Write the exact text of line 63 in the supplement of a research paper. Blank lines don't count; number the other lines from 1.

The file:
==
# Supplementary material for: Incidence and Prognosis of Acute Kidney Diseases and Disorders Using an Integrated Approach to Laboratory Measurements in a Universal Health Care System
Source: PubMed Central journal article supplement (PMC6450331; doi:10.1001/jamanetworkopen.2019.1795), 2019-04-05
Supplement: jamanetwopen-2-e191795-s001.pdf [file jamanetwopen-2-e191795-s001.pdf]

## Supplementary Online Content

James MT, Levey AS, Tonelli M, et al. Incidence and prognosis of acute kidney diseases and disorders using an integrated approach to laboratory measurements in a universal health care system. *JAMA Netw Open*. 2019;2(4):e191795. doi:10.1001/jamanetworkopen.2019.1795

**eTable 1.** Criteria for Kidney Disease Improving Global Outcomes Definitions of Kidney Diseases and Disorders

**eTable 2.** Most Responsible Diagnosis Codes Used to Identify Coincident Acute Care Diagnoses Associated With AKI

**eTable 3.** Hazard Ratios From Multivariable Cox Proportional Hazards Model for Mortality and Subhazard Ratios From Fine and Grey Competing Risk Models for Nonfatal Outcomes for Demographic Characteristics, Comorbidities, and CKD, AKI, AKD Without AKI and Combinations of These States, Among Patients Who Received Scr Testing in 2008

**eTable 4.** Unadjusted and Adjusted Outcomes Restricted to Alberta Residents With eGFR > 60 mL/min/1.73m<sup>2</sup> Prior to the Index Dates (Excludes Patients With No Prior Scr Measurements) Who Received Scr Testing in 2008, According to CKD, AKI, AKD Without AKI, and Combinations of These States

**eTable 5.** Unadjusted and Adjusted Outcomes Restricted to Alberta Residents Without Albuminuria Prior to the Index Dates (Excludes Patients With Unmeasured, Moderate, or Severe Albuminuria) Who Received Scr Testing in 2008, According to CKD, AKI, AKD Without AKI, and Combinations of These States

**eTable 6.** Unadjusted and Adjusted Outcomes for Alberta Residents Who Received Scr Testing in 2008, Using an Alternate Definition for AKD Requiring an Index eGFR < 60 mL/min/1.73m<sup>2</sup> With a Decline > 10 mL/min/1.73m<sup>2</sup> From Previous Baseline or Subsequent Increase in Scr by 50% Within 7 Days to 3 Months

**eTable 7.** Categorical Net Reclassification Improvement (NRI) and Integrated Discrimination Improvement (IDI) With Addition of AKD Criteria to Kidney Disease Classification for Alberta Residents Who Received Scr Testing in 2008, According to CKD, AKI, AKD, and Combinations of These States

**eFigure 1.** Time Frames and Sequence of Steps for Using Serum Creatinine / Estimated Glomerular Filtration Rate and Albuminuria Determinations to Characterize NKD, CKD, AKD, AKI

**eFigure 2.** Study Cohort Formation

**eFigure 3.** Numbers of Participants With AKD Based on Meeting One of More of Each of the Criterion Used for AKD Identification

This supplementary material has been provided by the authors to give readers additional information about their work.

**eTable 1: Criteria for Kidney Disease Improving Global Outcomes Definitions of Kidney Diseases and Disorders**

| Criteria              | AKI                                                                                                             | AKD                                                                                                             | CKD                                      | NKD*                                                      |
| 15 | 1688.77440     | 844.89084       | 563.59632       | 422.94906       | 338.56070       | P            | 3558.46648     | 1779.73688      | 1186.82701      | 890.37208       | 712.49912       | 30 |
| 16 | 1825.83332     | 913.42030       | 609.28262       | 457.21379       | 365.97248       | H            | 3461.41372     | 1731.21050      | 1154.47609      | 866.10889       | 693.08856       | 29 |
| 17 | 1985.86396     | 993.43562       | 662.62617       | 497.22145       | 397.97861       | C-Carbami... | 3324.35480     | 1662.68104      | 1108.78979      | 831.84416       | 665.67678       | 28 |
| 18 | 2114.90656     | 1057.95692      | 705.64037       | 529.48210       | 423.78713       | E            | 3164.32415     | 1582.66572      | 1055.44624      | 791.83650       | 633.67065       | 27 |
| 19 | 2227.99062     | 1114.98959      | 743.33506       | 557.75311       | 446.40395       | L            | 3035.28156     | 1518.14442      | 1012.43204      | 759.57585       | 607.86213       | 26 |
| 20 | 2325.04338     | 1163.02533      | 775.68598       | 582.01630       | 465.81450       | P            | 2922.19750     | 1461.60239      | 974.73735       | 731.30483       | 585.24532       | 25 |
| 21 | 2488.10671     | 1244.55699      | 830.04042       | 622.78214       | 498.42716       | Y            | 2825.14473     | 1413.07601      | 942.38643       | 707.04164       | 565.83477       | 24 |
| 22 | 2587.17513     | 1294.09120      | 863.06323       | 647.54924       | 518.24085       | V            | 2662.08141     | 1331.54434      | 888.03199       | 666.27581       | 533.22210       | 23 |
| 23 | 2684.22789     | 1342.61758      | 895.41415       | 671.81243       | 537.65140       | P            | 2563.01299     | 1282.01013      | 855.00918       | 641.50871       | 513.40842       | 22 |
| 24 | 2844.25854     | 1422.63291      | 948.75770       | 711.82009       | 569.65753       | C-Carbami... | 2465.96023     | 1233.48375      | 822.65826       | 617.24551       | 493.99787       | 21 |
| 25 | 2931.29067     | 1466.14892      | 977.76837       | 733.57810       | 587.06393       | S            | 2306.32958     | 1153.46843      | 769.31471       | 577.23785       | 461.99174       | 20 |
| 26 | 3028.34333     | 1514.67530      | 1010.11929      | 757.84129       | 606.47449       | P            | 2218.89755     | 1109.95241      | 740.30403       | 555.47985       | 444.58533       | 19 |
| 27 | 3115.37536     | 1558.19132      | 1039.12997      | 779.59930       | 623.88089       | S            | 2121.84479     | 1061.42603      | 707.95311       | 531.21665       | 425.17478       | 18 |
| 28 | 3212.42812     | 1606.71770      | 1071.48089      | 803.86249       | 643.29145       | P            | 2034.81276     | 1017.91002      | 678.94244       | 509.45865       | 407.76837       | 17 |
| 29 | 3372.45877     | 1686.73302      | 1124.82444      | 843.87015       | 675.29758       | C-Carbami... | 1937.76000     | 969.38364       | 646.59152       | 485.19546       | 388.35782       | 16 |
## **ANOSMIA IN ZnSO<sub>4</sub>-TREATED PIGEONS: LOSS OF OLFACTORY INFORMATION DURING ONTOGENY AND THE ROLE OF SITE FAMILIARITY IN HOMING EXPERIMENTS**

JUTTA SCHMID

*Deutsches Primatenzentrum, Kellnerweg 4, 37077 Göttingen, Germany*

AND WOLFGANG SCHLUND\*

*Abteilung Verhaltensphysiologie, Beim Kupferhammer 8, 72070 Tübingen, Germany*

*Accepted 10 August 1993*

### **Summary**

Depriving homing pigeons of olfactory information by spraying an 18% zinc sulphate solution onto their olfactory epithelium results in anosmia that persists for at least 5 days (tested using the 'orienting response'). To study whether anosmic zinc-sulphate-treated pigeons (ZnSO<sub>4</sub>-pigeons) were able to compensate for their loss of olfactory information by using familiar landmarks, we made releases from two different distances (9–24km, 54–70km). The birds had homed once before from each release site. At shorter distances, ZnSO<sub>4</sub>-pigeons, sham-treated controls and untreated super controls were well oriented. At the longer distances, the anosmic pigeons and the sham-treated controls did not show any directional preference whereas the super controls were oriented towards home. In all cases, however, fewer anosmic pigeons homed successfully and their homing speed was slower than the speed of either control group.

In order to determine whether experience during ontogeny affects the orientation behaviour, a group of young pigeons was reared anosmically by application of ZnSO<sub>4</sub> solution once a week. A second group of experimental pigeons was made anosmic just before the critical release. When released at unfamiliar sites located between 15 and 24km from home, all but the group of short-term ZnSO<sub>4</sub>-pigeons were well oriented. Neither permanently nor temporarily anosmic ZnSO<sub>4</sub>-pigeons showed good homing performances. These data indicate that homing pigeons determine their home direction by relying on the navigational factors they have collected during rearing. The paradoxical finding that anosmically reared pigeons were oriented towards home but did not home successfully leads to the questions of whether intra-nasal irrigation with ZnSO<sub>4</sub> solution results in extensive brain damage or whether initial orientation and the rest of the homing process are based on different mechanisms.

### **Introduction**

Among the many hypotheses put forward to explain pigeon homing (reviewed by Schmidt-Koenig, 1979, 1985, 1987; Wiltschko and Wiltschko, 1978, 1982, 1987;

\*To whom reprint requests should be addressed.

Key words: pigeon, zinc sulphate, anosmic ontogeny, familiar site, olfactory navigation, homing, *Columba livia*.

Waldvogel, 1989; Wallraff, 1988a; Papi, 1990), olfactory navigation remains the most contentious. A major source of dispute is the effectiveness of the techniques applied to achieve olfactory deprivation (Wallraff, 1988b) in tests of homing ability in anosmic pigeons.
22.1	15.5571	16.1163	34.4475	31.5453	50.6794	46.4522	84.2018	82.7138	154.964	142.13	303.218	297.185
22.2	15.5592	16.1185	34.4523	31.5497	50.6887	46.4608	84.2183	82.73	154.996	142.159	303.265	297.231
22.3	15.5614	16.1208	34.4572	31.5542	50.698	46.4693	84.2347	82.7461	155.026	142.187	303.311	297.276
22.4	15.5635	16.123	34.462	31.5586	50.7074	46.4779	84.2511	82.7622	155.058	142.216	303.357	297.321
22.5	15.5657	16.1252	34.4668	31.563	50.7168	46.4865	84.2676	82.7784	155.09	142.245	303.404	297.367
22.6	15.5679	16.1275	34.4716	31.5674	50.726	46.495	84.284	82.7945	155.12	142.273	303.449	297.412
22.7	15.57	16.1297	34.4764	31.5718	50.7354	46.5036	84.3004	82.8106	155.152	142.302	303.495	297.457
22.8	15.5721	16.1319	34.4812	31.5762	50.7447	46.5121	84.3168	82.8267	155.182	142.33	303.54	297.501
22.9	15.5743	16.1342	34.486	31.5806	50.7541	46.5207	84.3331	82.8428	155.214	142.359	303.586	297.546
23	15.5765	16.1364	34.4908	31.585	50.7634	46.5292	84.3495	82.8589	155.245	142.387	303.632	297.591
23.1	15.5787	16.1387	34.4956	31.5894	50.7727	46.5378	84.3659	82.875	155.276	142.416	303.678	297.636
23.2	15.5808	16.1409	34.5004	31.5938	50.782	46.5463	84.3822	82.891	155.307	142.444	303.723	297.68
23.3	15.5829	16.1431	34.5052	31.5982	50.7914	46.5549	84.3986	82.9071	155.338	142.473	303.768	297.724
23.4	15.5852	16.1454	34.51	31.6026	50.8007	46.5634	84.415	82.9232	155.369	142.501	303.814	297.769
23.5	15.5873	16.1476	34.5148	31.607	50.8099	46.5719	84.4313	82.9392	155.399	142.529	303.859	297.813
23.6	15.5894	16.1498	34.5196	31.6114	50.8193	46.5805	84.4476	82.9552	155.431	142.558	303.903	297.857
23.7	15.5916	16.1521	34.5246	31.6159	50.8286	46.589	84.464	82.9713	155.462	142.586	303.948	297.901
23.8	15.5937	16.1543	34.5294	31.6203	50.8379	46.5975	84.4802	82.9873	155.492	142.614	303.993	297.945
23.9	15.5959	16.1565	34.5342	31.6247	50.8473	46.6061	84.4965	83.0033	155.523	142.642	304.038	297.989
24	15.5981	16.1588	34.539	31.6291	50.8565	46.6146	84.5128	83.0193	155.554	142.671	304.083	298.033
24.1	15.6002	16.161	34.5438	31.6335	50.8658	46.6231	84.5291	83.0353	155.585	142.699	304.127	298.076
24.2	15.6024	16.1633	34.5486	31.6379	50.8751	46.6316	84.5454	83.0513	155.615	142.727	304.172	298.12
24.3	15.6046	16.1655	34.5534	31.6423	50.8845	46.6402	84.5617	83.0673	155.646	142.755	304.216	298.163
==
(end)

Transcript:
23.6	15.5894	16.1498	34.5196	31.6114	50.8193	46.5805	84.4476	82.9552	155.431	142.558	303.903	297.857